Viewpoint: Why every physician should leave an academic footprint

A physician's academic footprint is a way of measuring their impact on the medical field and is an essential part of the profession; however, not many physicians participate as they could, Arthur Lazarus, MD, a member of the editorial board of the American Association for Physician Leadership and an adjunct professor of psychiatry at the Lewis Katz School of Medicine at Temple University in Philadelphia, said in an opinion piece published May 30 on MedPage Today

A 2021 study found that 51% of academic hospital medicine faculty had no published papers and of physicians at academic hospitals, 2.7%  were full professors and 9% were associate professors.  

Academic footprints enrich the medical field and allow physicians greater influence in the evolution of healthcare. "The breadth and depth of this footprint can shape treatment protocols, influence healthcare policies, and inspire the next generation of physicians," Dr. Lazarus wrote.

One key metric of the academic footprint is published research, however, other factors stand to increase it as well. These include involvement in teaching and mentorship; impact on clinical guidelines and policy; innovation in patient care; improving areas of governance, medical leadership, quality improvement and social justice; and using social media and podcasts to reach those outside of a scholarly audience.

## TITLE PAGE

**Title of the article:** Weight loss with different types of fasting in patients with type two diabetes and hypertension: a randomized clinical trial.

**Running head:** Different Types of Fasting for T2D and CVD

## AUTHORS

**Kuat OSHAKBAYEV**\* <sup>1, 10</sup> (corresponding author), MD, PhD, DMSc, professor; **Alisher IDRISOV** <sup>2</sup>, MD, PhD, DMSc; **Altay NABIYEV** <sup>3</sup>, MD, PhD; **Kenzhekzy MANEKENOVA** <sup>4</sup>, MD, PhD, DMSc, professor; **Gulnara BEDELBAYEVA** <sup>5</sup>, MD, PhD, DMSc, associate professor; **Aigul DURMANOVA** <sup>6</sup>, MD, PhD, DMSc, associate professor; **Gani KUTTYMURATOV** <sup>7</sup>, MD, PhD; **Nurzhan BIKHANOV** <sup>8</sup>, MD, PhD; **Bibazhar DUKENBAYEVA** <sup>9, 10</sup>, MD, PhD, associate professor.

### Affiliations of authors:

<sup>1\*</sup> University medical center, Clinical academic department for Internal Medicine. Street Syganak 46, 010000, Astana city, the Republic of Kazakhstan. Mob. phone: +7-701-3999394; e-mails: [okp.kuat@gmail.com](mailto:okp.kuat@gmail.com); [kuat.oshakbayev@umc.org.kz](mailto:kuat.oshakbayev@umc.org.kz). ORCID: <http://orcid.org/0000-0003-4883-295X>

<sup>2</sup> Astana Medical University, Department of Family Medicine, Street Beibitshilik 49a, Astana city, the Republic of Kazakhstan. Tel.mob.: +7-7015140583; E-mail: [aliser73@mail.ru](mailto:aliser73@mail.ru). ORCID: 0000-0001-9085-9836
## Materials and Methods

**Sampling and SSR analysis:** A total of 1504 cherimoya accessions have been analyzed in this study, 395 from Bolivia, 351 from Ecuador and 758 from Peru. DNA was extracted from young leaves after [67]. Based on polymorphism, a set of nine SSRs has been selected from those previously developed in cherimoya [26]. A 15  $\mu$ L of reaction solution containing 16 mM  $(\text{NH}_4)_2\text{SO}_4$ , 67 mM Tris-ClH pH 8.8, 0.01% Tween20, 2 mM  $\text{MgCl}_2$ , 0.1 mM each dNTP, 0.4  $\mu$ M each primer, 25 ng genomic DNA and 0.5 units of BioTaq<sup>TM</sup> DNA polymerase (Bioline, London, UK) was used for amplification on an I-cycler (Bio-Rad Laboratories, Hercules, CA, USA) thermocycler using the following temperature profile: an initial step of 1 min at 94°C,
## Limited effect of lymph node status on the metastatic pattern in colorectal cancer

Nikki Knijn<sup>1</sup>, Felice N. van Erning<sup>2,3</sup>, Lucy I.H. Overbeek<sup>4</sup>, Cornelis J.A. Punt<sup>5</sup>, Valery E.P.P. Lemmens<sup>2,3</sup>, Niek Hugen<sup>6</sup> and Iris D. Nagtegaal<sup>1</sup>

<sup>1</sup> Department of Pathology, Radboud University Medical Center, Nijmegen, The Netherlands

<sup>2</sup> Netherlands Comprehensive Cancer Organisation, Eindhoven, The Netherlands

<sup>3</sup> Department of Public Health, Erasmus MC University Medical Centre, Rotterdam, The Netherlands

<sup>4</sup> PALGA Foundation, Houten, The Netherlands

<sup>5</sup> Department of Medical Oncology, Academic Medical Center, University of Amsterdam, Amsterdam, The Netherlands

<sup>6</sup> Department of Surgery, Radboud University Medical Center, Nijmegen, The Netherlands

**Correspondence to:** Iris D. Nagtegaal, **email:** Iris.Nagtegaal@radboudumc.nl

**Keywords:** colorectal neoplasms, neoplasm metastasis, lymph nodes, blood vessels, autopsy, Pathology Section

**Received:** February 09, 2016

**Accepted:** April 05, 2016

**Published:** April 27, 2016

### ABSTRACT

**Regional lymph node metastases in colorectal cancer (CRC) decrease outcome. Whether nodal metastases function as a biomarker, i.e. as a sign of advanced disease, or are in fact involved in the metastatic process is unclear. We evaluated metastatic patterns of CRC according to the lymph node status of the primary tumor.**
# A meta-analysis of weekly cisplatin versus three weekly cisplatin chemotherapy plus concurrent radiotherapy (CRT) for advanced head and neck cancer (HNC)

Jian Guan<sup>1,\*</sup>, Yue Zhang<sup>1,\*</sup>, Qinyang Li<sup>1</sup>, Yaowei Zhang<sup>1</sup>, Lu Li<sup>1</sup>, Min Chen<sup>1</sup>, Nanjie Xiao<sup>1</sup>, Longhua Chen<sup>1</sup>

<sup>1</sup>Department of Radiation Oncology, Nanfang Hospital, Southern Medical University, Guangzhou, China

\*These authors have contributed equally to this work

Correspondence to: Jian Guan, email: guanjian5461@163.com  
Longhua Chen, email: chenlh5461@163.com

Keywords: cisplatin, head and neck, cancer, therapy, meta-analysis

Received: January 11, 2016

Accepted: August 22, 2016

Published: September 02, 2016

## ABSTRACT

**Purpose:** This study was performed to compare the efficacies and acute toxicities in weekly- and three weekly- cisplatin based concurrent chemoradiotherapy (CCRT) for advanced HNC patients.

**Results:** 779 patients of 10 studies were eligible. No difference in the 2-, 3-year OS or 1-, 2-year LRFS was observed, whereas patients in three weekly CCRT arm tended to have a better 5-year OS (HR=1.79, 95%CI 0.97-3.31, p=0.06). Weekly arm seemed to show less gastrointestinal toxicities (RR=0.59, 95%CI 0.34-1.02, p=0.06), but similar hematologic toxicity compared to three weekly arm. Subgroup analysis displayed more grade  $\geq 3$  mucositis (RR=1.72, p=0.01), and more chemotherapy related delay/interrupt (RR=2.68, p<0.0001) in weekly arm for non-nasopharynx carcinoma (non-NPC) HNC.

"Whether a doctor chooses to be involved in academia or to focus solely on clinical practice, their work is valuable and necessary," Dr. Lazarus wrote. "Either way, leaving a significant footprint should be a goal for every physician, just as reducing our carbon footprint is a collective responsibility. Both are about making a positive difference — in the world and in the field of medicine."

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